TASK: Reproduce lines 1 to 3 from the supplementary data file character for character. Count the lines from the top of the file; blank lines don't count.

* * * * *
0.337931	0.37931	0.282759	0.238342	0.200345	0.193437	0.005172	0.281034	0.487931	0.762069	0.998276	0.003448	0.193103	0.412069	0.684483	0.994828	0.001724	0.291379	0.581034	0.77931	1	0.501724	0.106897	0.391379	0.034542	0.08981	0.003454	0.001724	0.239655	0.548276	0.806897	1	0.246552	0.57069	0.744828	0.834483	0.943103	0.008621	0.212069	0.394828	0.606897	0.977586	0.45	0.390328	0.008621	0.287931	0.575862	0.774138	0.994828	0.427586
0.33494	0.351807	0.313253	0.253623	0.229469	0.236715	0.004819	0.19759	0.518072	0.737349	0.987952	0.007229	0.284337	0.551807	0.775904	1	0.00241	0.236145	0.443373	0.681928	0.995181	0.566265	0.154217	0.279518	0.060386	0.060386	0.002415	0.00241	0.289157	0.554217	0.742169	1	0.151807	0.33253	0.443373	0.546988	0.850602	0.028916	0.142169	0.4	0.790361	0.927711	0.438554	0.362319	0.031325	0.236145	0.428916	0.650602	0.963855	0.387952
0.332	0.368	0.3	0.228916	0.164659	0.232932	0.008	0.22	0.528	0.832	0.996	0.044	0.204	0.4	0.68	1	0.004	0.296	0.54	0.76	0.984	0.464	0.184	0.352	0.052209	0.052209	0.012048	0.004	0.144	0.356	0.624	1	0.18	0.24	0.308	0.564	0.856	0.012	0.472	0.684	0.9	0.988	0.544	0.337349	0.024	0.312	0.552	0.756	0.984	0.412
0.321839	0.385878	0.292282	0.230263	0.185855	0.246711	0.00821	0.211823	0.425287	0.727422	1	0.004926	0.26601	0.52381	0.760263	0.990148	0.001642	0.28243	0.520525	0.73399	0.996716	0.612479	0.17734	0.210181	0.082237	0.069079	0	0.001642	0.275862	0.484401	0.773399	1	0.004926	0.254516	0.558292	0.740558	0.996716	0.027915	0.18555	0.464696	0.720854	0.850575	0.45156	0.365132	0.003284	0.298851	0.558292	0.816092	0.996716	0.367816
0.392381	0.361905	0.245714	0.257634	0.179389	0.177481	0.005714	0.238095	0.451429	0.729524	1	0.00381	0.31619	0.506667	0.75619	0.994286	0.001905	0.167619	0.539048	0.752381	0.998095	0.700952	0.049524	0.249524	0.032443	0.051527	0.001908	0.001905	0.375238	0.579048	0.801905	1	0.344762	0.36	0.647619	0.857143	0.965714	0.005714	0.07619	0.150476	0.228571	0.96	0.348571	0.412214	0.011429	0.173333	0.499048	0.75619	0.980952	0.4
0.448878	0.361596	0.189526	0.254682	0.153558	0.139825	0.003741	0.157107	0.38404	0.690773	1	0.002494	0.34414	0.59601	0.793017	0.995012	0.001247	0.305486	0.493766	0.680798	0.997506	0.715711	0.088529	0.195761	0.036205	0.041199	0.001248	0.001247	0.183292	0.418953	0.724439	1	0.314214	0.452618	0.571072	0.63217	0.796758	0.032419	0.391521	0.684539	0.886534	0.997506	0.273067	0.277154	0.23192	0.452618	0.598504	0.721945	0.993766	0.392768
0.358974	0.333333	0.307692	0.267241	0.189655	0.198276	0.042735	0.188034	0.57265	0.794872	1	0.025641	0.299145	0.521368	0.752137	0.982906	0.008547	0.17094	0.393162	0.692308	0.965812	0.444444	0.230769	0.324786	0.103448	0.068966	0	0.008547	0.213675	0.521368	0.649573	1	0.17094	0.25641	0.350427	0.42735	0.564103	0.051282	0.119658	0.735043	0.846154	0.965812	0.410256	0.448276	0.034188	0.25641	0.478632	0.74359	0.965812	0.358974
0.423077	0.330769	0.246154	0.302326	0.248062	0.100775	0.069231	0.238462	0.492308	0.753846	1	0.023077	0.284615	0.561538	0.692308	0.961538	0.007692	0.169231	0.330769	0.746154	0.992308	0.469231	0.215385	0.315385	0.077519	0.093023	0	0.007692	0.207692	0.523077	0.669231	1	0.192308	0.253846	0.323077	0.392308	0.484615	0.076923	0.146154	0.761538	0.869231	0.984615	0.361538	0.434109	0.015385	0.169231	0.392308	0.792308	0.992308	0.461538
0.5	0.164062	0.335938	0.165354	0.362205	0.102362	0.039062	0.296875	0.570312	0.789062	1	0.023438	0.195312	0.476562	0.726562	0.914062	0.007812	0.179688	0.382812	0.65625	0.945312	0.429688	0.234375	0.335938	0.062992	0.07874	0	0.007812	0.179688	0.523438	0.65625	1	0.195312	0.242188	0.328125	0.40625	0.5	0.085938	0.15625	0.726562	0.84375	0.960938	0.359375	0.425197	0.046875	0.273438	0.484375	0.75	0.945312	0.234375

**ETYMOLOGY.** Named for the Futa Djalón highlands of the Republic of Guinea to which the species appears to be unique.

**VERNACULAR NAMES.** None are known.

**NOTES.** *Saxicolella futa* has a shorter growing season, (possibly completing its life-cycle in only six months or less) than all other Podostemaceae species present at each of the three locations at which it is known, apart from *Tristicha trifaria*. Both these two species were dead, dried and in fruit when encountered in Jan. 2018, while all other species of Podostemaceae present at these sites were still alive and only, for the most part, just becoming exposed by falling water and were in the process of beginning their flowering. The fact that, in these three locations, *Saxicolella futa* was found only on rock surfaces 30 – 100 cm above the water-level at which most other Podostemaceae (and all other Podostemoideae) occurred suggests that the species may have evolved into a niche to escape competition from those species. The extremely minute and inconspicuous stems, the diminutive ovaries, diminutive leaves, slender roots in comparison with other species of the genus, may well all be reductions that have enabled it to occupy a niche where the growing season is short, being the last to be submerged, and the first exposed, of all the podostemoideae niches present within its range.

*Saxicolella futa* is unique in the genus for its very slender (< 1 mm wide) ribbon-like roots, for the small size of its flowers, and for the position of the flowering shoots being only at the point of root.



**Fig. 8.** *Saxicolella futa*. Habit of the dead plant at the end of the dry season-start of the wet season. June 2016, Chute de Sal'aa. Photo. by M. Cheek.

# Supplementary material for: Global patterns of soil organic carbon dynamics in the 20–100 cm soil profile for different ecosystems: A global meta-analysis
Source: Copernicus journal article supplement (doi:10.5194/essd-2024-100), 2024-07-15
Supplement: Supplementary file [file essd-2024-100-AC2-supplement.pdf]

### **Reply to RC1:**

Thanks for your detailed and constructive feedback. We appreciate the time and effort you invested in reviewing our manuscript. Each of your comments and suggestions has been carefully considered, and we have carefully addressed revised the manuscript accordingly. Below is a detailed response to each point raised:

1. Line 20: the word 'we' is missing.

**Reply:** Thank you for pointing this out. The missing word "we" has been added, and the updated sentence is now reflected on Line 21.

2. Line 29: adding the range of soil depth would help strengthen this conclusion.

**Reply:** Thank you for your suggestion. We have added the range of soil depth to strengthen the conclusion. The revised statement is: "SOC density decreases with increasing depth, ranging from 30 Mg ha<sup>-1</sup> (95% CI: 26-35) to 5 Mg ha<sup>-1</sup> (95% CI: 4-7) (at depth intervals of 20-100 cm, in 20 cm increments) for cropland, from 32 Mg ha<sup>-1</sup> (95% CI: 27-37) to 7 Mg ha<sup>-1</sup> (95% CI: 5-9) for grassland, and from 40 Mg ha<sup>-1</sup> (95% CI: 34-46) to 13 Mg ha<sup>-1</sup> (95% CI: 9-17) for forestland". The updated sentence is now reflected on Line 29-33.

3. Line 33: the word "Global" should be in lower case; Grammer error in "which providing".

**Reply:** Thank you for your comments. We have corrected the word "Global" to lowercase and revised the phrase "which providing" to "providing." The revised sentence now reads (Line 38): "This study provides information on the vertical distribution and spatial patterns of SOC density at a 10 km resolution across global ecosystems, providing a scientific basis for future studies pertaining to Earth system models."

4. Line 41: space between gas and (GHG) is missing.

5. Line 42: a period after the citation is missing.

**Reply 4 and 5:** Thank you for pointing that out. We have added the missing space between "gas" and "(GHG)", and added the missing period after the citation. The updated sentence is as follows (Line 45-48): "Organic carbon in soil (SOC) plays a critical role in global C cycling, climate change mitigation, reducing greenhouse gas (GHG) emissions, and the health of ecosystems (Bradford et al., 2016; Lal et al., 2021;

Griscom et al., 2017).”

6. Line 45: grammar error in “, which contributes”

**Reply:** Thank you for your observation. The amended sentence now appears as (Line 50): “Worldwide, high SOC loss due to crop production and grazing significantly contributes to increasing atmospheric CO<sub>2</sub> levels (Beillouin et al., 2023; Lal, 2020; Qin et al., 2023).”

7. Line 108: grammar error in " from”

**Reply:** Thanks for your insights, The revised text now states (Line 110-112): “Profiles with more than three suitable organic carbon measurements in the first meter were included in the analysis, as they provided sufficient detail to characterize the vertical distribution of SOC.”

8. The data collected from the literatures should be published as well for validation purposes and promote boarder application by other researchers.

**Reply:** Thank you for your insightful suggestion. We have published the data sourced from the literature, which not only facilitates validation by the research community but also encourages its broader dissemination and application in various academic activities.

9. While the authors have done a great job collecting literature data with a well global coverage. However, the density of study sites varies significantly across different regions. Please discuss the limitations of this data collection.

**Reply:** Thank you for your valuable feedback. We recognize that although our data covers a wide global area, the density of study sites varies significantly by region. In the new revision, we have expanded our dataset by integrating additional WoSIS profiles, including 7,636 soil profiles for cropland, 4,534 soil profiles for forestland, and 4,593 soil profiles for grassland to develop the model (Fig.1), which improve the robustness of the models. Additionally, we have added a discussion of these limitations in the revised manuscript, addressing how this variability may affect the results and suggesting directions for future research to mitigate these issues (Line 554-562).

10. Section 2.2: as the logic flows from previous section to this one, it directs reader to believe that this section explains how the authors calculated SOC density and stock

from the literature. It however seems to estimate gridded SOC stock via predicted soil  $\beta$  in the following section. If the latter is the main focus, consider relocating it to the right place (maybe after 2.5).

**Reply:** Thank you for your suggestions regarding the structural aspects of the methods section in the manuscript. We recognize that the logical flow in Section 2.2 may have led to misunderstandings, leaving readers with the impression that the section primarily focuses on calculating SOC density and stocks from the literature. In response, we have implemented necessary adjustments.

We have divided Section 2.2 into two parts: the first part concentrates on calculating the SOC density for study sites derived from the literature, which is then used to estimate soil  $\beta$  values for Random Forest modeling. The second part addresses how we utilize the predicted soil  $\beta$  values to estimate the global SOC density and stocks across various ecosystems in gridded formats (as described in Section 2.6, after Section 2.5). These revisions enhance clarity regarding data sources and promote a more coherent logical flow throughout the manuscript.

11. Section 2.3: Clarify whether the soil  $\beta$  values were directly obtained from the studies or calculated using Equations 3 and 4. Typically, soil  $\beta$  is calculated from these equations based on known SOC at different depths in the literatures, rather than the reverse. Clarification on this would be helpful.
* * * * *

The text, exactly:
0.337931	0.37931	0.282759	0.238342	0.200345	0.193437	0.005172	0.281034	0.487931	0.762069	0.998276	0.003448	0.193103	0.412069	0.684483	0.994828	0.001724	0.291379	0.581034	0.77931	1	0.501724	0.106897	0.391379	0.034542	0.08981	0.003454	0.001724	0.239655	0.548276	0.806897	1	0.246552	0.57069	0.744828	0.834483	0.943103	0.008621	0.212069	0.394828	0.606897	0.977586	0.45	0.390328	0.008621	0.287931	0.575862	0.774138	0.994828	0.427586
0.33494	0.351807	0.313253	0.253623	0.229469	0.236715	0.004819	0.19759	0.518072	0.737349	0.987952	0.007229	0.284337	0.551807	0.775904	1	0.00241	0.236145	0.443373	0.681928	0.995181	0.566265	0.154217	0.279518	0.060386	0.060386	0.002415	0.00241	0.289157	0.554217	0.742169	1	0.151807	0.33253	0.443373	0.546988	0.850602	0.028916	0.142169	0.4	0.790361	0.927711	0.438554	0.362319	0.031325	0.236145	0.428916	0.650602	0.963855	0.387952
0.332	0.368	0.3	0.228916	0.164659	0.232932	0.008	0.22	0.528	0.832	0.996	0.044	0.204	0.4	0.68	1	0.004	0.296	0.54	0.76	0.984	0.464	0.184	0.352	0.052209	0.052209	0.012048	0.004	0.144	0.356	0.624	1	0.18	0.24	0.308	0.564	0.856	0.012	0.472	0.684	0.9	0.988	0.544	0.337349	0.024	0.312	0.552	0.756	0.984	0.412